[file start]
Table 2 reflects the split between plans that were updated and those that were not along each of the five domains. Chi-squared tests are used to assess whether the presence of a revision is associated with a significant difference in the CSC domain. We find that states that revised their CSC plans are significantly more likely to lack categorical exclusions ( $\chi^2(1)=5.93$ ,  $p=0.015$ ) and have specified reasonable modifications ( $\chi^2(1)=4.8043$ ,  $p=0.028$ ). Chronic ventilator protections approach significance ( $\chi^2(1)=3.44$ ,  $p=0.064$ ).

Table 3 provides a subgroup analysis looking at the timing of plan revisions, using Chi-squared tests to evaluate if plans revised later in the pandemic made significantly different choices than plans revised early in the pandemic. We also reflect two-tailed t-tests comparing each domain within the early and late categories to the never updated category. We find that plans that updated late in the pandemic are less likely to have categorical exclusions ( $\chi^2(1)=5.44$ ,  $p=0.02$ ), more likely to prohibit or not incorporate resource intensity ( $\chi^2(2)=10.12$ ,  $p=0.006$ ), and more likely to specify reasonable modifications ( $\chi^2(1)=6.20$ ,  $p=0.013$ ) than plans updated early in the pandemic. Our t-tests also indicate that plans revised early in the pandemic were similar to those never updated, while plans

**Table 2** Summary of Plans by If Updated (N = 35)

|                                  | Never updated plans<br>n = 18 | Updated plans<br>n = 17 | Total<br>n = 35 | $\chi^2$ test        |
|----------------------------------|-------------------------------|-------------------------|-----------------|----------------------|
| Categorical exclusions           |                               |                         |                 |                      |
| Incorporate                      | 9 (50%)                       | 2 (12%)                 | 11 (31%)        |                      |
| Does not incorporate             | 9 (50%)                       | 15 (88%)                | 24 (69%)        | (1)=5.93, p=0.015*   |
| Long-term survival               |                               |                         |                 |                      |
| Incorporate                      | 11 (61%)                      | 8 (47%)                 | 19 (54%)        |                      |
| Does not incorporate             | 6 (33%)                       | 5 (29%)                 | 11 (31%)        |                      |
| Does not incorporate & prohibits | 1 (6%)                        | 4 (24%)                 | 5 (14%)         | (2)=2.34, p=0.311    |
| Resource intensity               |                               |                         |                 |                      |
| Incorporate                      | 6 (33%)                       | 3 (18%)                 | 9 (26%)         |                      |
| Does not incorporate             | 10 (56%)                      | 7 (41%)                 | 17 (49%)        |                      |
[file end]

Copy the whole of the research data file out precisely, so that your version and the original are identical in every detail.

Table 2 reflects the split between plans that were updated and those that were not along each of the five domains. Chi-squared tests are used to assess whether the presence of a revision is associated with a significant difference in the CSC domain. We find that states that revised their CSC plans are significantly more likely to lack categorical exclusions ( $\chi^2(1)=5.93$ ,  $p=0.015$ ) and have specified reasonable modifications ( $\chi^2(1)=4.8043$ ,  $p=0.028$ ). Chronic ventilator protections approach significance ( $\chi^2(1)=3.44$ ,  $p=0.064$ ).

Table 3 provides a subgroup analysis looking at the timing of plan revisions, using Chi-squared tests to evaluate if plans revised later in the pandemic made significantly different choices than plans revised early in the pandemic. We also reflect two-tailed t-tests comparing each domain within the early and late categories to the never updated category. We find that plans that updated late in the pandemic are less likely to have categorical exclusions ( $\chi^2(1)=5.44$ ,  $p=0.02$ ), more likely to prohibit or not incorporate resource intensity ( $\chi^2(2)=10.12$ ,  $p=0.006$ ), and more likely to specify reasonable modifications ( $\chi^2(1)=6.20$ ,  $p=0.013$ ) than plans updated early in the pandemic. Our t-tests also indicate that plans revised early in the pandemic were similar to those never updated, while plans

**Table 2** Summary of Plans by If Updated (N = 35)

|                                  | Never updated plans<br>n = 18 | Updated plans<br>n = 17 | Total<br>n = 35 | $\chi^2$ test        |
|----------------------------------|-------------------------------|-------------------------|-----------------|----------------------|
| Categorical exclusions           |                               |                         |                 |                      |
| Incorporate                      | 9 (50%)                       | 2 (12%)                 | 11 (31%)        |                      |
| Does not incorporate             | 9 (50%)                       | 15 (88%)                | 24 (69%)        | (1)=5.93, p=0.015*   |
| Long-term survival               |                               |                         |                 |                      |
| Incorporate                      | 11 (61%)                      | 8 (47%)                 | 19 (54%)        |                      |
| Does not incorporate             | 6 (33%)                       | 5 (29%)                 | 11 (31%)        |                      |
| Does not incorporate & prohibits | 1 (6%)                        | 4 (24%)                 | 5 (14%)         | (2)=2.34, p=0.311    |
| Resource intensity               |                               |                         |                 |                      |
| Incorporate                      | 6 (33%)                       | 3 (18%)                 | 9 (26%)         |                      |
| Does not incorporate             | 10 (56%)                      | 7 (41%)                 | 17 (49%)        |                      |